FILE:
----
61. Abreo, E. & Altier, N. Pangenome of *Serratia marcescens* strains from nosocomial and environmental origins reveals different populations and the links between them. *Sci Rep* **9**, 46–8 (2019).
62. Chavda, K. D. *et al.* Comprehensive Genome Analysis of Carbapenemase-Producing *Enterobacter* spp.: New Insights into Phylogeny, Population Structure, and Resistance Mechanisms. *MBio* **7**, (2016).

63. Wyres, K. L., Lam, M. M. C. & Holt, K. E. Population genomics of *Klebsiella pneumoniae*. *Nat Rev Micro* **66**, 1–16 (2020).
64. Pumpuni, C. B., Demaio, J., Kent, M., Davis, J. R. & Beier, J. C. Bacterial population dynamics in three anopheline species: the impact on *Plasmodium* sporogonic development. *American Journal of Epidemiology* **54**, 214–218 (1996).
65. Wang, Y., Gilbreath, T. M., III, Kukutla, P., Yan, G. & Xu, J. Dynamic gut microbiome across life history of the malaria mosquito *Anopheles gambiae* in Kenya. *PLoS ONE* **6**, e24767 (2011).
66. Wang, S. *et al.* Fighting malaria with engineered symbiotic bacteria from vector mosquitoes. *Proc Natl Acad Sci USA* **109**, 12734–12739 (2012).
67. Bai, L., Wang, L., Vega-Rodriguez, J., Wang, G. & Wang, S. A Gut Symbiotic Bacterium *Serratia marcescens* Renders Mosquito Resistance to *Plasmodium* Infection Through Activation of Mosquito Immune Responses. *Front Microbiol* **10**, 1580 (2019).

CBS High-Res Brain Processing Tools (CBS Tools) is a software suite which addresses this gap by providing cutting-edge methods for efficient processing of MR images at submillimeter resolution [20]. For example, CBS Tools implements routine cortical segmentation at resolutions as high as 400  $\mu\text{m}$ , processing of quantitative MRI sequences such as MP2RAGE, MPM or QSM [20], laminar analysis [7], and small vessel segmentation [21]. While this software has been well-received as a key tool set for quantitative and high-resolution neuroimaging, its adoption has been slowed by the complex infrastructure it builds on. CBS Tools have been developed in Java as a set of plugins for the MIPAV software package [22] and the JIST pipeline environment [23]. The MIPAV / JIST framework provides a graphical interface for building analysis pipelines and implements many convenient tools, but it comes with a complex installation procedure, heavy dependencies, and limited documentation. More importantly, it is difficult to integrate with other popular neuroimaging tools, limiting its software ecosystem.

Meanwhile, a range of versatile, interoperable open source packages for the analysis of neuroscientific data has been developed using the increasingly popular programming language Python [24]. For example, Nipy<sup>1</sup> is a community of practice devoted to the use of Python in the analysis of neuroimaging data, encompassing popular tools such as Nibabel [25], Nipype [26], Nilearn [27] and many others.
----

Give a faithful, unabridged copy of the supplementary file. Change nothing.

61. Abreo, E. & Altier, N. Pangenome of *Serratia marcescens* strains from nosocomial and environmental origins reveals different populations and the links between them. *Sci Rep* **9**, 46–8 (2019).
62. Chavda, K. D. *et al.* Comprehensive Genome Analysis of Carbapenemase-Producing *Enterobacter* spp.: New Insights into Phylogeny, Population Structure, and Resistance Mechanisms. *MBio* **7**, (2016).

63. Wyres, K. L., Lam, M. M. C. & Holt, K. E. Population genomics of *Klebsiella pneumoniae*. *Nat Rev Micro* **66**, 1–16 (2020).
64. Pumpuni, C. B., Demaio, J., Kent, M., Davis, J. R. & Beier, J. C. Bacterial population dynamics in three anopheline species: the impact on *Plasmodium* sporogonic development. *American Journal of Epidemiology* **54**, 214–218 (1996).
65. Wang, Y., Gilbreath, T. M., III, Kukutla, P., Yan, G. & Xu, J. Dynamic gut microbiome across life history of the malaria mosquito *Anopheles gambiae* in Kenya. *PLoS ONE* **6**, e24767 (2011).
66. Wang, S. *et al.* Fighting malaria with engineered symbiotic bacteria from vector mosquitoes. *Proc Natl Acad Sci USA* **109**, 12734–12739 (2012).
67. Bai, L., Wang, L., Vega-Rodriguez, J., Wang, G. & Wang, S. A Gut Symbiotic Bacterium *Serratia marcescens* Renders Mosquito Resistance to *Plasmodium* Infection Through Activation of Mosquito Immune Responses. *Front Microbiol* **10**, 1580 (2019).

CBS High-Res Brain Processing Tools (CBS Tools) is a software suite which addresses this gap by providing cutting-edge methods for efficient processing of MR images at submillimeter resolution [20]. For example, CBS Tools implements routine cortical segmentation at resolutions as high as 400  $\mu\text{m}$ , processing of quantitative MRI sequences such as MP2RAGE, MPM or QSM [20], laminar analysis [7], and small vessel segmentation [21]. While this software has been well-received as a key tool set for quantitative and high-resolution neuroimaging, its adoption has been slowed by the complex infrastructure it builds on. CBS Tools have been developed in Java as a set of plugins for the MIPAV software package [22] and the JIST pipeline environment [23]. The MIPAV / JIST framework provides a graphical interface for building analysis pipelines and implements many convenient tools, but it comes with a complex installation procedure, heavy dependencies, and limited documentation. More importantly, it is difficult to integrate with other popular neuroimaging tools, limiting its software ecosystem.

Meanwhile, a range of versatile, interoperable open source packages for the analysis of neuroscientific data has been developed using the increasingly popular programming language Python [24]. For example, Nipy<sup>1</sup> is a community of practice devoted to the use of Python in the analysis of neuroimaging data, encompassing popular tools such as Nibabel [25], Nipype [26], Nilearn [27] and many others.